I think it was better also when we traded with the Commonwealth . The fact that Edward Heath was bribed to join the Club of Rome was also wrong . I never expected our exit from the insideous scheme to be an easy one and I am aware of a pile of propaganda and political bullshit going on , most of which l manage to miss . I did catch Alistair Campbell saying we should have another vote and that we should stay in . .however in my opinion he is a bit of a c**t along with warmongering Tony who l also imagine is all for another vote. .so there are probably unsavoury characters on both sides of the argument . .

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2 minutes ago, saintnextlifetime said:

Just never saw the point in being in Europe , Drew . Salmond has often compared Scotland to Norway , which I always thought was a good comparison since there are many similarities . They have perhaps managed things better and have managed to gain independence twice last century. .:)

I think it was better also when we traded with the Commonwealth . The fact that Edward Heath was bribed to join the Club of Rome was also wrong . I never expected our exit from the insideous scheme to be an easy one and I am aware of a pile of propaganda and political bullshit going on , most of which l manage to miss . I did catch Alistair Campbell saying we should have another vote and that we should stay in . .however in my opinion he is a bit of a c**t along with warmongering Tony who l also imagine is all for another vote. .so there are probably unsavoury characters on both sides of the argument . .

I think there are plenty of benefits, but also considerable drawbacks.

The ERASMUS programme is great for young people, and, as a nation, we benefitted from numerous initiatives via EU funding that wouldn't have seen the light of day if left to rely on Westminster support and funding.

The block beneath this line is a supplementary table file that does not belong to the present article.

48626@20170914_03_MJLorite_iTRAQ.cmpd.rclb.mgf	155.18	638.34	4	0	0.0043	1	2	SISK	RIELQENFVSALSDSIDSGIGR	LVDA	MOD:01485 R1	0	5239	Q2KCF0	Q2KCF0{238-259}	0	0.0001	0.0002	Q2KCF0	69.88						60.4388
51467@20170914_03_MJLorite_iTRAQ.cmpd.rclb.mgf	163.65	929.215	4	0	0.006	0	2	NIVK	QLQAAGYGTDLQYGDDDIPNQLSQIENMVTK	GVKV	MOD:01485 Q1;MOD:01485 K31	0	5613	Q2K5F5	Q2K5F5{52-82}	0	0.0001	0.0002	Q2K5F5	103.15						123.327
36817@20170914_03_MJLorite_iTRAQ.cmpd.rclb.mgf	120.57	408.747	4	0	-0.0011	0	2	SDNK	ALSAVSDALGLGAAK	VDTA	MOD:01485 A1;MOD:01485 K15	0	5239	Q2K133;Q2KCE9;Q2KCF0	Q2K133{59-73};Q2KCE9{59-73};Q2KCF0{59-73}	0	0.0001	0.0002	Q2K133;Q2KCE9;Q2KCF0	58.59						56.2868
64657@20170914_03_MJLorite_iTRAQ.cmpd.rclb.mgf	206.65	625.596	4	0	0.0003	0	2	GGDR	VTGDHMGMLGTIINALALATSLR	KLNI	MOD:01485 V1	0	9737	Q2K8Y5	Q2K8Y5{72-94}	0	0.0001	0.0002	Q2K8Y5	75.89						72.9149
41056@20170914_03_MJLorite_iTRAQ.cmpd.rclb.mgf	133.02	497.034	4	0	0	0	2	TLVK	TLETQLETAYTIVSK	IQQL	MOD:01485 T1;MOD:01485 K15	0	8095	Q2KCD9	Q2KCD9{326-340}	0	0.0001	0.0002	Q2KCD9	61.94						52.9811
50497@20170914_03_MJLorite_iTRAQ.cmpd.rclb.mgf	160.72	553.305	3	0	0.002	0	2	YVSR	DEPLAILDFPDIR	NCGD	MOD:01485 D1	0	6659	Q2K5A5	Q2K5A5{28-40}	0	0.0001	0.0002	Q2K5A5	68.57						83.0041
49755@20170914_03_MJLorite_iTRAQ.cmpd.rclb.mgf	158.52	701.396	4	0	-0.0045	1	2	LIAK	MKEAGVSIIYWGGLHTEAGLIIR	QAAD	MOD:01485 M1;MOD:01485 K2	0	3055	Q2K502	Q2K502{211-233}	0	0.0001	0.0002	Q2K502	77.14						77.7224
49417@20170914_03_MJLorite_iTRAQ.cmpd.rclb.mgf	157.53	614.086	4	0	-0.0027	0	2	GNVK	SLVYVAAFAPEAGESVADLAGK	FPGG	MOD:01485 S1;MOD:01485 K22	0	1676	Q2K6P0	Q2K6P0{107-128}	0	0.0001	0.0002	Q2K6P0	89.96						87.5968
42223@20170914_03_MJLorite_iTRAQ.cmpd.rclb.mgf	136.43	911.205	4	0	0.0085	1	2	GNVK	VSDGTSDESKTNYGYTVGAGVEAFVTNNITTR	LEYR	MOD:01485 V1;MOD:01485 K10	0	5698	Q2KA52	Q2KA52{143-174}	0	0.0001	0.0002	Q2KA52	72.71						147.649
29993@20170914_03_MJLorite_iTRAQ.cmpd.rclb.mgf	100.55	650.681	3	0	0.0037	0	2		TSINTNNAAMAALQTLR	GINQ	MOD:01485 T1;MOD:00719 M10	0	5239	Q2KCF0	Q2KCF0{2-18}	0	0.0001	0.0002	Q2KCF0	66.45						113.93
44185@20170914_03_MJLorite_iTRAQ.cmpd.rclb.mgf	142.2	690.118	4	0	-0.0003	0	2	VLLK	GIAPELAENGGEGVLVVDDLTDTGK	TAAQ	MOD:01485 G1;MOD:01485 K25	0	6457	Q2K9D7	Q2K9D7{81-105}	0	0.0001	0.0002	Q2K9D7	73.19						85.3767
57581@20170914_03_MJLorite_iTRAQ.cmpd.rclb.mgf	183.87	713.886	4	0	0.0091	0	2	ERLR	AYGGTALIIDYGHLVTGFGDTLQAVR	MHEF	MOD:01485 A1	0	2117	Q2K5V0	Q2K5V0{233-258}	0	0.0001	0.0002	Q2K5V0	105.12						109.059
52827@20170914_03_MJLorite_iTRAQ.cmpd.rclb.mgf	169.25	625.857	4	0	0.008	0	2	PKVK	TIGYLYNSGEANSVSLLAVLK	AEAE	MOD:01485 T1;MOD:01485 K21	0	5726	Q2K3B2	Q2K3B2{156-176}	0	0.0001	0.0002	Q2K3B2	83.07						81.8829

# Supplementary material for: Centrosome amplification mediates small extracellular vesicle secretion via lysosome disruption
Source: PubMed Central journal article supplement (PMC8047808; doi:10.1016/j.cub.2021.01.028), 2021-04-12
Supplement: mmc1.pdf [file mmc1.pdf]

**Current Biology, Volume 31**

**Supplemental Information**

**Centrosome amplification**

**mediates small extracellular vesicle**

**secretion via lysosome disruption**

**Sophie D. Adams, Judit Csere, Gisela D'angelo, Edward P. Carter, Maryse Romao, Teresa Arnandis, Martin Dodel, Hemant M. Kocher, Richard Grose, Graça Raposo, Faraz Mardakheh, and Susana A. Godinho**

Yes, there are very significant systemic problems with the EU, but it has also, for example, enshrined human rights protections in a way that gives me greater confidence than if left to the shysters we generally have in government in the UK.

My ideal? An independent Scotland with some form of affiliation to the EU. What form this affiliation would have is up for debate.

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3 hours ago, Drew said:

I think there are plenty of benefits, but also considerable drawbacks.

The ERASMUS programme is great for young people, and, as a nation, we benefitted from numerous initiatives via EU funding that wouldn't have seen the light of day if left to rely on Westminster support and funding.

Yes, there are very significant systemic problems with the EU, but it has also, for example, enshrined human rights protections in a way that gives me greater confidence than if left to the shysters we generally have in government in the UK.

My ideal? An independent Scotland with some form of affiliation to the EU. What form this affiliation would have is up for debate.

I think our fellow countrymen will vote for a self=determined Scotland in the future , when the time comes it will be the right thing. .

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2 minutes ago, saintnextlifetime said:

I think our fellow countrymen will vote for a self=determined Scotland in the future , when the time comes it will be the right thing. .

Aye, I have faith in the generations that have come after us to do the right thing.

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8 hours ago, Bud the Baker said:

 

I guess we see things differently, I feel it chimes with my OP that the eventual deal will be on the EU's terms. 

I agree with your second point that there's probably a few other countries waiting to see what happens to us before deciding what to do themselves but IMO that's just another reason for the EU to play hardball. 

There was never any doubt that leaving would have to be done under article50 conditions. I pushed for the EFTA/EEA route out as it delivers everything the leavers wanted INCLUDING full control over who is allowed into the country.  and full curbs on the so called four freedoms the EU is built on via article 112 of the EEA treaty. That will happen regardless. Trade wont be affected in the slightest nor do we pay a single penny into the EU budget as an EFTA country.  But politically this was burned by the lying bastards in the remain campaign. They shat their load about it and so its politically "difficult" to sell it. So we have to go through the rigmarole of getting a transition deal which is exactly the same in all but name.

 

Hey ho.

 

And soft Brexit it is.

 

BTW well over 80% of the rules of the single market are now enacted at WTO level and at other world organisations. Norway get their say there long before it ever hits the EU in tray.

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Trade wont be affected in the slightest nor do we pay a single penny into the EU budget as an EFTA country.
 



Of the four EFTA members, Norway pays €115 per capita into the EU budget, Switzerland €12, Lichtenstein €40 and Iceland actually gets €25 per capita from the EU.